CACI 472 Primary Assumption of Risk—Exception to Nonliability—Facilities Owners and Operators and Event Sponsors

California Civil Jury Instructions CACI

472 Primary Assumption of Risk—Exception to Nonliability—Facilities Owners and Operators and Event Sponsors

[Name of plaintiff] claims [he/she/nonbinary pronoun] was harmed while [participating in/watching] [sport or other recreational activity e.g., snowboarding] at [name of defendant]’s [specify facility or event where plaintiff was injured, e.g., ski resort]. To establish this claim, [name of plaintiff] must prove all of the following:

1.That [name of defendant] was the [owner/operator/sponsor/other] of [e.g.a ski resort];

2.[That [name of defendant] unreasonably increased the risks to [name of plaintiff] over and above those inherent in [e.g., snowboarding];]


[That [name of defendant] unreasonably failed to minimize a risk that is not inherent in [e.g., snowboarding] and unreasonably exposed [name of plaintiff] to an increased risk of harm;]

3.That [name of plaintiff] was harmed; and

4.That [name of defendant]’s conduct was a substantial factor in causing [name of plaintiff]’s harm.

New December 2013; Revised and Renumbered From CACI No. 410 May 2017; Revised May 2019

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Directions for Use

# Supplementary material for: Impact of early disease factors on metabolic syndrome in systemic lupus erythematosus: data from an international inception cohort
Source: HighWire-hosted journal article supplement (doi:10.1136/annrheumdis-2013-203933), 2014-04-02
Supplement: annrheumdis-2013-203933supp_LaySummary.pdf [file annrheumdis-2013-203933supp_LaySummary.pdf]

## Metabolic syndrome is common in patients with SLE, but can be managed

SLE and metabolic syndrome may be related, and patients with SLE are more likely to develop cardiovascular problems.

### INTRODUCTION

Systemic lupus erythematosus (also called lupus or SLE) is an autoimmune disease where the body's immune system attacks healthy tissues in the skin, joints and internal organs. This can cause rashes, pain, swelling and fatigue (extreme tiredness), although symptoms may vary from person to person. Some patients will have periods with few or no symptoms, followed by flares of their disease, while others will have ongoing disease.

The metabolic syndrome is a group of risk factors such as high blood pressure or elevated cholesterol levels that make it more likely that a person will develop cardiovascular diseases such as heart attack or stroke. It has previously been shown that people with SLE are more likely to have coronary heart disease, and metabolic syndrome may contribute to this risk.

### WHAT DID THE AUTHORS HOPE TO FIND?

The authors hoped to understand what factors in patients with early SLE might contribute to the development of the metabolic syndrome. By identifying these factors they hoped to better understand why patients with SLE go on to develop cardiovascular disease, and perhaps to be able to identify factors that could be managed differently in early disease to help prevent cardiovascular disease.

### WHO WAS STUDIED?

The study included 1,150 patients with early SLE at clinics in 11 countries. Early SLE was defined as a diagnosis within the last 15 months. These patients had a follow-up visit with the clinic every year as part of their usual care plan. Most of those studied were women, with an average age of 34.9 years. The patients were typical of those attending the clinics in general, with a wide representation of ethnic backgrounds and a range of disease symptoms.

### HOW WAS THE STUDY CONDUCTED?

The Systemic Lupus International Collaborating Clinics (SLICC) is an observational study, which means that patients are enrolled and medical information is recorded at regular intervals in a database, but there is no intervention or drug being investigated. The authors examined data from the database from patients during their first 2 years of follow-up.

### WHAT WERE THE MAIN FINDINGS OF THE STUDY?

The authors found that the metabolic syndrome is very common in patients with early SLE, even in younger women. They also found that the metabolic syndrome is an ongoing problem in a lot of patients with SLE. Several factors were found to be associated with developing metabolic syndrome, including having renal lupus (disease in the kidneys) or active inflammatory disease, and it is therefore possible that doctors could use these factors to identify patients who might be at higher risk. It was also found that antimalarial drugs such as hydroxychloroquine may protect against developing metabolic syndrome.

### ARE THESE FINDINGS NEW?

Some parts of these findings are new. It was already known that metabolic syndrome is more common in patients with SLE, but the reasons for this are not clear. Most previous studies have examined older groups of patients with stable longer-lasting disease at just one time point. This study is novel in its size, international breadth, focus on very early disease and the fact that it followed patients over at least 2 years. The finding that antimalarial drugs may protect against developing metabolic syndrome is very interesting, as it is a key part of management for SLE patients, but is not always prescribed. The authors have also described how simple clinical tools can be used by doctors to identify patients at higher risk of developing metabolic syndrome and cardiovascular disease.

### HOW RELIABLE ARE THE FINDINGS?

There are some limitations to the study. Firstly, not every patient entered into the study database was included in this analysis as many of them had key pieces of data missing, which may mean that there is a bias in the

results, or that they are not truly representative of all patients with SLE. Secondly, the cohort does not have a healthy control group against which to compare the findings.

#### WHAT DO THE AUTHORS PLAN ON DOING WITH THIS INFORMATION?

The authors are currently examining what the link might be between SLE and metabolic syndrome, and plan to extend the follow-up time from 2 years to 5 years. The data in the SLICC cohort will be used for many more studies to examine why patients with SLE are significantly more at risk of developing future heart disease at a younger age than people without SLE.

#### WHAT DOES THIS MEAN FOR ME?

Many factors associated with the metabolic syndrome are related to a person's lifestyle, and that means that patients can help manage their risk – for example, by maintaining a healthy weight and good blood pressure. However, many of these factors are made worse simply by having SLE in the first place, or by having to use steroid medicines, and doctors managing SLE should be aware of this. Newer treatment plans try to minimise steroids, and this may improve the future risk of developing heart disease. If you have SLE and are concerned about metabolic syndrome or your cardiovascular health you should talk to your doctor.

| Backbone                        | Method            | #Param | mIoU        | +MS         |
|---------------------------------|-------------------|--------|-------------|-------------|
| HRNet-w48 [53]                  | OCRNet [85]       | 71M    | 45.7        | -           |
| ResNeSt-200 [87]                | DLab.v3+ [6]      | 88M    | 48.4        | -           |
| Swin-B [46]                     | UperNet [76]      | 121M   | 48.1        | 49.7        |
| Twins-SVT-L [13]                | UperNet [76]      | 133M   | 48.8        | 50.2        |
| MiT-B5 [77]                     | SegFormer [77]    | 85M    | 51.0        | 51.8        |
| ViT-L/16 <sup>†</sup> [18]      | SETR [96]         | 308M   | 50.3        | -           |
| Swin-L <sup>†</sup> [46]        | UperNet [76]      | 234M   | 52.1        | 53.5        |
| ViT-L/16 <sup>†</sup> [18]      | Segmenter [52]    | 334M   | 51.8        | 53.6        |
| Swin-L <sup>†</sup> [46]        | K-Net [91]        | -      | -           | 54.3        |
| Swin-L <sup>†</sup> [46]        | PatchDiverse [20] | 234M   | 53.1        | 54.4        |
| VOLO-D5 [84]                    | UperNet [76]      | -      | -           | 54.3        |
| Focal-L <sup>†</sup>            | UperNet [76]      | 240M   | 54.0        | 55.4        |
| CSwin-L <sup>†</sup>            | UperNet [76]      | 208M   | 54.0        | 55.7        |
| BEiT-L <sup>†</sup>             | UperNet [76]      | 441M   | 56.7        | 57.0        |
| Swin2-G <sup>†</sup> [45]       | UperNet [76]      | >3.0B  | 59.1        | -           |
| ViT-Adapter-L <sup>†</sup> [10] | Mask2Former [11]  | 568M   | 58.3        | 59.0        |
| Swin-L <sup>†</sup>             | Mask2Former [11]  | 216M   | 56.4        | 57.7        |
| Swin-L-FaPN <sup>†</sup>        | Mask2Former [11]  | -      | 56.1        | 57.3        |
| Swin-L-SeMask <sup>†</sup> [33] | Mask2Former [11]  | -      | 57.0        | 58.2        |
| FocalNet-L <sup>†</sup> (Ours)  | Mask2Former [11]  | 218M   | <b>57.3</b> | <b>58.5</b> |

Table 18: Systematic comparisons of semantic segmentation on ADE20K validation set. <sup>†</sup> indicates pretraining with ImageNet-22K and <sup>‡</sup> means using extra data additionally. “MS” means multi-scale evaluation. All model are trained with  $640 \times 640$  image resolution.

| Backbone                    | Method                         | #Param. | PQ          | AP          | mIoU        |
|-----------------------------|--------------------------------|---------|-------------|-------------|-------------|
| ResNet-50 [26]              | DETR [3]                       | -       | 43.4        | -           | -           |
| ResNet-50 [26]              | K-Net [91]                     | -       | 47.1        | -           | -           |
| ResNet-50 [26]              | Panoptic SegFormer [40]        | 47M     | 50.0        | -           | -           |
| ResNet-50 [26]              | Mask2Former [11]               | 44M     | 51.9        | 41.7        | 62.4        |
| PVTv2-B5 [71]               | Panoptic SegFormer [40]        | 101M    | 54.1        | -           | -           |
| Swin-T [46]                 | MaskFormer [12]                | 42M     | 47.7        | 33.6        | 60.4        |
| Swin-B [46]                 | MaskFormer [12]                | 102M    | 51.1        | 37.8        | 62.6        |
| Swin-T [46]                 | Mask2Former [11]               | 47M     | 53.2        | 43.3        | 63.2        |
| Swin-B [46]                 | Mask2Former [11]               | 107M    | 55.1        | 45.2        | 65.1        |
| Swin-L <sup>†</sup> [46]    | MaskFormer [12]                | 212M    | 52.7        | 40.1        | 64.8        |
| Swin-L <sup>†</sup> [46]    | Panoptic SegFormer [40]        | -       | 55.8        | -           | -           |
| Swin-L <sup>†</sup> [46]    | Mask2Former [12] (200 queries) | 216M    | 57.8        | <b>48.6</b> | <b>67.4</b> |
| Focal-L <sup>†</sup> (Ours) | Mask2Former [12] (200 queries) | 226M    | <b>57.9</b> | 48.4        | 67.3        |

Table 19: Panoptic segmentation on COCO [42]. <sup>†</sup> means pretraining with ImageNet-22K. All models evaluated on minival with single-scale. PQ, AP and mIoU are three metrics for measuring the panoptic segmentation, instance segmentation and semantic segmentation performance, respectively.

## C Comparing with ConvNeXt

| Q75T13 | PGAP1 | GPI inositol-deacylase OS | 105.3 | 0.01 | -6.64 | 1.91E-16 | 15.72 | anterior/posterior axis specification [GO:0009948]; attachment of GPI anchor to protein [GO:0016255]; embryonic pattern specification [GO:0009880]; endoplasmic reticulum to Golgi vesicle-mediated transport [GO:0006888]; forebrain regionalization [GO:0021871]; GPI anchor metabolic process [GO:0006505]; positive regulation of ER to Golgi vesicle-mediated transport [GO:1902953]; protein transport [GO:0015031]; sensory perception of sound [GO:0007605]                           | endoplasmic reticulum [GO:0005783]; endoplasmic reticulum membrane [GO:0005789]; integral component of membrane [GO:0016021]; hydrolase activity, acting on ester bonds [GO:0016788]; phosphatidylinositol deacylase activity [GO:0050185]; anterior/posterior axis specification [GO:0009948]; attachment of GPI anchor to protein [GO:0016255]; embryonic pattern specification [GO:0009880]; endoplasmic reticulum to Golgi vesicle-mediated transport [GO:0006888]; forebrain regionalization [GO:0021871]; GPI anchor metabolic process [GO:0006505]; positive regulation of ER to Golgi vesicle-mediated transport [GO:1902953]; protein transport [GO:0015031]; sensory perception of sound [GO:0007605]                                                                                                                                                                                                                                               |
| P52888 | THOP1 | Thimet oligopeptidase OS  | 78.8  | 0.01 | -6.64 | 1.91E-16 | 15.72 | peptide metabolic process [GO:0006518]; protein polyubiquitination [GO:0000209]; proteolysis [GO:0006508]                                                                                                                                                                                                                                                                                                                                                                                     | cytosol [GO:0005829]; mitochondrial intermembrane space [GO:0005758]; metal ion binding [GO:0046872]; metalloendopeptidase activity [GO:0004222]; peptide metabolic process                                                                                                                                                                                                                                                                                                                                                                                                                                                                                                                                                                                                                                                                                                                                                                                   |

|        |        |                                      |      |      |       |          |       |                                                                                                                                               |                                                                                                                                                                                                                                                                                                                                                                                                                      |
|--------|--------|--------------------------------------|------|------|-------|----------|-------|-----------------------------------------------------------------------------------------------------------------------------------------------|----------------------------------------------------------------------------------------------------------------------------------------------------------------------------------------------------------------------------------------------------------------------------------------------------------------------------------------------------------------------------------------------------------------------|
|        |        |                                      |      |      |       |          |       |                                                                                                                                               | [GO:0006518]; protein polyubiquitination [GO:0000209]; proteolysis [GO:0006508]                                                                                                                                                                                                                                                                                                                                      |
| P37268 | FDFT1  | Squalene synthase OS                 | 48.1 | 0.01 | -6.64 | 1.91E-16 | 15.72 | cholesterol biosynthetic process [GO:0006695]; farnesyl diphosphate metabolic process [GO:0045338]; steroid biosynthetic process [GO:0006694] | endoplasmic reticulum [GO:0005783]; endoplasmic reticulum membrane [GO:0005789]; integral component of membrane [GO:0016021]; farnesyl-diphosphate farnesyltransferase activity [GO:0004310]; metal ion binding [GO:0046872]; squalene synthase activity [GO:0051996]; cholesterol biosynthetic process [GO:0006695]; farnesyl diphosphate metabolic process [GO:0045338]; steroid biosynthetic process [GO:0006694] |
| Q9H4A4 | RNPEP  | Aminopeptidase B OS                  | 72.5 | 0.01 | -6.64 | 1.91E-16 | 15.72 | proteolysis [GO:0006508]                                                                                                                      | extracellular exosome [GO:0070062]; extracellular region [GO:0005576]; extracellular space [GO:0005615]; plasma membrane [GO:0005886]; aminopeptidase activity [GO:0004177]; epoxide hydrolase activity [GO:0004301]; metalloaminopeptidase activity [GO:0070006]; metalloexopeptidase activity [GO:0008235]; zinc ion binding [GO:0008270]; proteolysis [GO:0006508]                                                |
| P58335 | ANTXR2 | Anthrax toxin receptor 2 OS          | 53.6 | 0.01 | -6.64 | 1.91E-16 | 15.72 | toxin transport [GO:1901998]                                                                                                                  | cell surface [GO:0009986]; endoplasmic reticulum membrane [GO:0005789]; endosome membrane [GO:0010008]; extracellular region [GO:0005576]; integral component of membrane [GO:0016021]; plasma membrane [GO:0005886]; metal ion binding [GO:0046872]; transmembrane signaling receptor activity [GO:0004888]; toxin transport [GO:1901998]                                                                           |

This instruction sets forth a plaintiff’s response to a defendant’s assertion of the affirmative defense of primary assumption of risk. Primary assumption of risk generally absolves the defendant of a duty of care toward the plaintiff with regard to injury incurred in the course of a sporting or other recreational activity covered by the doctrine. (See Knight v. Jewett (1992) 3 Cal.4th 296, 320 [11 Cal.Rptr.2d 2, 834 P.2d 696].) There is, however, a duty applicable to facilities owners and operators and to event sponsors not to unreasonably increase the risks of injury to participants and spectators beyond those inherent in the activity. (See Nalwa v. Cedar Fair, L.P. (2012) 55 Cal.4th 1148, 1162 [150 Cal.Rptr.3d 551, 290 P.3d 1158] [participants]; Lowe v. California League of Prof. Baseball (1997) 56 Cal.App.4th 112, 123 [65 Cal.Rptr.2d 105] [spectators].)

There is also a duty to minimize risks that are extrinsic to the nature of the sport; that is, those that can be addressed without altering the essential nature of the activity. (Hass v. RhodyCo Productions (2018) 26 Cal.App.5th 11, 38 [236 Cal.Rptr.3d 682].) Choose either or both options for element 2 depending on which duty is alleged to have been breached.